Wednesday, April 18, 2012

The Bus Tour, Day 7: On Reading One's Own Reviews


Yesterday on the Big Bus of Fun the talk turned to reviews, and specifically the reading of same by the writers under discussion. Long, long ago, when publishers were dependent upon a clippings bureau, or the actions of its regional representatives, to keep track of reviews, writers would have to wait quite some time to read reviews if, in fact, they ever got to read them at all. A bad review might be like a sighting of some mythical creature by 19th century explorers: rumors would eventually reach home concerning the nature of the beast, but specifics would be thin on the ground, and the whole thing could even be discounted as the ravings of a fevered mind. Even when reviews assumed solid form, the wise publisher would probably do some minor pruning of the files before passing them on in order to ensure that the worst offenders were quietly lost, thereby allowing the finely-honed equilibrium of the writer remained undisturbed.

Now, of course, a quick Internet search will bring up everything anyone has ever said about you, good or bad, which, for the writer, is a dismal state of affairs. By and large, writers shouldn’t concern themselves unduly with reviews, just as they shouldn’t go seeking weekly blow-by-blow accounts of their sales figures, which Amazon and some publishers offer as a matter of course. It’s like worrying about meteor strikes, or when the sun might die: there’s not a lot you can do about it either way, so you’re better off just getting along with what you’re supposed to be doing.

Mind you, this was hard-learned behavior on my part. Like most writers, I can recall the specifics of bad reviews from early in my career. My first novel, Every Dead Thing, received a couple of real stinkers, most in the UK, I think. One was from a British Labour party politician, now deceased, who used a quote from the book itself to help drive in the dagger. At one point, someone says to Parker, the private detective at the heart of the book, that he hopes never to see him again. “My sentiments exactly,” wrote our political friend, and that was the end of that.

Two of the worst reviews came from fellow writers, because writers-turned-reviewers have an instinctive understanding of just how to hurt another writer with high-impact criticism. It’s a bit like being mugged by surgeons: their boots naturally find the soft spots. One of those reviews, I now realize, was a hatchet-job designed solely to scupper the career of a young writer who was perceived to be getting too much attention, and remains an example of gracelessness that should be handed to anyone who is considering sharpening a reviewer’s pencil before plunging it mercilessly into the soft, fleshy pulp of a first novel. The other wasn’t as bad, and went for a tone of limp-wristed disdain over outright hostility.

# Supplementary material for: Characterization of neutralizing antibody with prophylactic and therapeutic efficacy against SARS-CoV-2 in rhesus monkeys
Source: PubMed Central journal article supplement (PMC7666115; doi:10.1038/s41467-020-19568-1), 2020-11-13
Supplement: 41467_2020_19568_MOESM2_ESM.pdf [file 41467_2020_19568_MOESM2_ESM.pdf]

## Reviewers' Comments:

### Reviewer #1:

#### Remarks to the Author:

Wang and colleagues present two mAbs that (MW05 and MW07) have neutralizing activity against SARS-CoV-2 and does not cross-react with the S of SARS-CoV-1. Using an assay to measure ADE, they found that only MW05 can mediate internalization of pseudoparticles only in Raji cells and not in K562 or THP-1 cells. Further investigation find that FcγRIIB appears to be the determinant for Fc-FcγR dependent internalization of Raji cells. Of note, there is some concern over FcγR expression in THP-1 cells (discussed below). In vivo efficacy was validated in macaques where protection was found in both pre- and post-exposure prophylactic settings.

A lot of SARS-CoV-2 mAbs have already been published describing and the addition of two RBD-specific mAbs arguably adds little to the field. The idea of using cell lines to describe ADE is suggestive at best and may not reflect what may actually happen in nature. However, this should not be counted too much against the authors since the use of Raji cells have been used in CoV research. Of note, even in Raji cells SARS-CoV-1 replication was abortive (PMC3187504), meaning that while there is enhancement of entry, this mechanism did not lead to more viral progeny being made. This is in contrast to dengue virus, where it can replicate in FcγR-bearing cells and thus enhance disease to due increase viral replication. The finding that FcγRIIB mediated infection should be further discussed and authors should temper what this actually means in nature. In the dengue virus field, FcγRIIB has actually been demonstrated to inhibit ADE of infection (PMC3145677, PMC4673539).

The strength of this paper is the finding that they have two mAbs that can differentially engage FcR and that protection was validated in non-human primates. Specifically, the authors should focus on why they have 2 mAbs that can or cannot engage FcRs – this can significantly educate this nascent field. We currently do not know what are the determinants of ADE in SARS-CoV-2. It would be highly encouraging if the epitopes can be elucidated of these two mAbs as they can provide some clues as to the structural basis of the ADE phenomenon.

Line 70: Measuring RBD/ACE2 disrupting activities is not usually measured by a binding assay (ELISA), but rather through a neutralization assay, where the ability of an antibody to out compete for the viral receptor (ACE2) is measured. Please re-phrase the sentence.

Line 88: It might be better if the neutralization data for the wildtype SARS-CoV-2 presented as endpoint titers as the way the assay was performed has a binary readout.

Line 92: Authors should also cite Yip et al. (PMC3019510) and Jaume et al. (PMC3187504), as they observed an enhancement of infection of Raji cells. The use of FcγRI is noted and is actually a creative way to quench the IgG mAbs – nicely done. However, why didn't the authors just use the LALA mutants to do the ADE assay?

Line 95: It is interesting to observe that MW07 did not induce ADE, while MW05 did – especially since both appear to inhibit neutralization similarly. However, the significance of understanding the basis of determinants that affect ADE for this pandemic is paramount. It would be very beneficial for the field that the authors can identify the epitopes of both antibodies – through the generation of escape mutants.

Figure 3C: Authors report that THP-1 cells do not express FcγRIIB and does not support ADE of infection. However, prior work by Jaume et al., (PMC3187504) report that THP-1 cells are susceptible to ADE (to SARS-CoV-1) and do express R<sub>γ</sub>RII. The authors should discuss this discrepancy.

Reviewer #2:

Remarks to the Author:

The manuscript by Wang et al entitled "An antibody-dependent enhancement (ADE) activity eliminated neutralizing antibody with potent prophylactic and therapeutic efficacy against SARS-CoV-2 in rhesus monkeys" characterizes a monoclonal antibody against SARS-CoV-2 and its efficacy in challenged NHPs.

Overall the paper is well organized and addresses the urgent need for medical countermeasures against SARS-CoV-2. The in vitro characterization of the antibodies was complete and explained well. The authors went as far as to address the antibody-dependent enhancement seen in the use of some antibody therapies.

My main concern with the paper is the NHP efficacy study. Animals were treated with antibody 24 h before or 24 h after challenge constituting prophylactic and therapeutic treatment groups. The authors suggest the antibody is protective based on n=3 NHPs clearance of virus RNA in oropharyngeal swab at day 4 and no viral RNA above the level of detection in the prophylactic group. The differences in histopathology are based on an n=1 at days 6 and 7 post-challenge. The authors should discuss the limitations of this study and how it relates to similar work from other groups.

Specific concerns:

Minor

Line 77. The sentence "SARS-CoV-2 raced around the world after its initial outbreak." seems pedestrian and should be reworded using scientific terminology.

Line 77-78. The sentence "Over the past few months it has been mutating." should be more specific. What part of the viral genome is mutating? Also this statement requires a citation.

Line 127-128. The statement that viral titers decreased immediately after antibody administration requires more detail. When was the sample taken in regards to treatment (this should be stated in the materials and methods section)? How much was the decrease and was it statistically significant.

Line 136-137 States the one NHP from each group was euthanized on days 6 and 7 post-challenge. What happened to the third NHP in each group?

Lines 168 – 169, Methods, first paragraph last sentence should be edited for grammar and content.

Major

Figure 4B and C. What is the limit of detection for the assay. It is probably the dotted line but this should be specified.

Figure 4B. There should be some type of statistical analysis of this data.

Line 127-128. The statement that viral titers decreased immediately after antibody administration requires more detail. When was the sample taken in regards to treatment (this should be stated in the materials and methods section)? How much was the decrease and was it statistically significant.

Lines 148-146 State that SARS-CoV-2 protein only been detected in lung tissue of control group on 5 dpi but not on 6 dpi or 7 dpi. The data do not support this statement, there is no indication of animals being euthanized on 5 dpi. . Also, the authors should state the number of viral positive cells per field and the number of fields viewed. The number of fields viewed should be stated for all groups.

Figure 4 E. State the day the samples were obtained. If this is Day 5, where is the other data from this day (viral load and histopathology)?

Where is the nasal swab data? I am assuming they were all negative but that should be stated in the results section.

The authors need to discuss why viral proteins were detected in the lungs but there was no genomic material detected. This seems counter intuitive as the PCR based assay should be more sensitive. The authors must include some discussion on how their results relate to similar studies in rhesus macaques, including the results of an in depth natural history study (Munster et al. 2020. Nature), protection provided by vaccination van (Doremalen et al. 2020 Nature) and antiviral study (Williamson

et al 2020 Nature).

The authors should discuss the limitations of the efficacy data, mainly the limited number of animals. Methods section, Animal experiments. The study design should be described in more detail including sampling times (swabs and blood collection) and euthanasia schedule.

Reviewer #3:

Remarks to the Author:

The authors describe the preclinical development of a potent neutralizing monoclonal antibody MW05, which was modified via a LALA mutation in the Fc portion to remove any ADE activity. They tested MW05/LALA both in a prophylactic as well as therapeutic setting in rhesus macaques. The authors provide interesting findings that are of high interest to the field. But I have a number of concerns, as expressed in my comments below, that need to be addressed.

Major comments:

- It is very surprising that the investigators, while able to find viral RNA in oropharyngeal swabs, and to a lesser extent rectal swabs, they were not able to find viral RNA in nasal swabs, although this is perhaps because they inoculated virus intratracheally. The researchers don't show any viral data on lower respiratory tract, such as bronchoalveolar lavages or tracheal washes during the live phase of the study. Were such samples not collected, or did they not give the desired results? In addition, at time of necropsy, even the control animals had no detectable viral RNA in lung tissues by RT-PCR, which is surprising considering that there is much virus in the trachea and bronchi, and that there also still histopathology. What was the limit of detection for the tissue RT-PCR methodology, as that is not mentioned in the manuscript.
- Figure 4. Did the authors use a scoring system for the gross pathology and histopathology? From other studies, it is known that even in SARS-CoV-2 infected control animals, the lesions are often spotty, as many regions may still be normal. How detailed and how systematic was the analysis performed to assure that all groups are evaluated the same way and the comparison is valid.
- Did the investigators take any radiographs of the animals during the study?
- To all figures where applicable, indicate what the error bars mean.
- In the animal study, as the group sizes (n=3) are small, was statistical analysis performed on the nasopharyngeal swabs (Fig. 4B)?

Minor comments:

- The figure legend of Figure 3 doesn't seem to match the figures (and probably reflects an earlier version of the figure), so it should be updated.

I met the writer of the latter review at a festival in the northwest of England some years later. We were on a panel together, and he circled me in the wary manner of a locust that’s just been dropped into a terrarium with a spider. After the event, once he’d calmed himself with a drink or two, he confessed that he’d been very nervous of meeting me, as he’d written the review based upon the belief that our paths would never cross. (That was an unwise assumption to make since, had he examined the book a little more closely, he’d have noticed that we shared a publisher.) In fact, he went on, the prospect of our meeting had rather spoiled the month preceding the festival, and he’d been unable to enjoy much of anything. I nodded sympathetically, and then pointed out that we’d actually already met once before since the publication of the review in question, although he’d clearly been too drunk to remember.

Something similar happened last year, when I met a writer who immediately confessed to having given The Book of Lost Things – a book that managed to survive the reviewing process almost entirely unscathed by very adverse criticism - a bad notice. He looked a bit sheepish, admitted that he’d been wrong about the book, and hoped that it was all water under the bridge. I had to tell him that I didn’t even know that he had written a bad review and, had he kept his mouth shut, he’d probably have managed to get away with it.

The younger me, I suspect, might well have Googled the review in question at the first available opportunity, just to have something to be annoyed about. Now I know that it doesn’t really matter. I’ll always be curious about the general critical response when I publish a new book, but I’ve become very careful about what I read, and I avoid bad reviews entirely, unless I stumble across one by accident and find myself scanning it before I’m even entirely sure of what I’m doing. Nevertheless, even then my instinct is to turn away before damage can be done.

Look, here’s the thing: writers are plagued by self-doubt, and the ones that are not probably aren’t very good writers. Our tendency is to believe the bad reviews because they are our own self-doubt made manifest, and to ignore or immediately forget the good reviews because we secretly believe that they’re wrong. James Lee Burke once told me that you have to learn to ignore the catcalls and the applause, and he’s right. That doesn’t mean it’s easy, or that you won’t occasionally lapse, but as a general rule for writers, or anyone who presents creative work for public consumption, it’s a good rule by which to abide.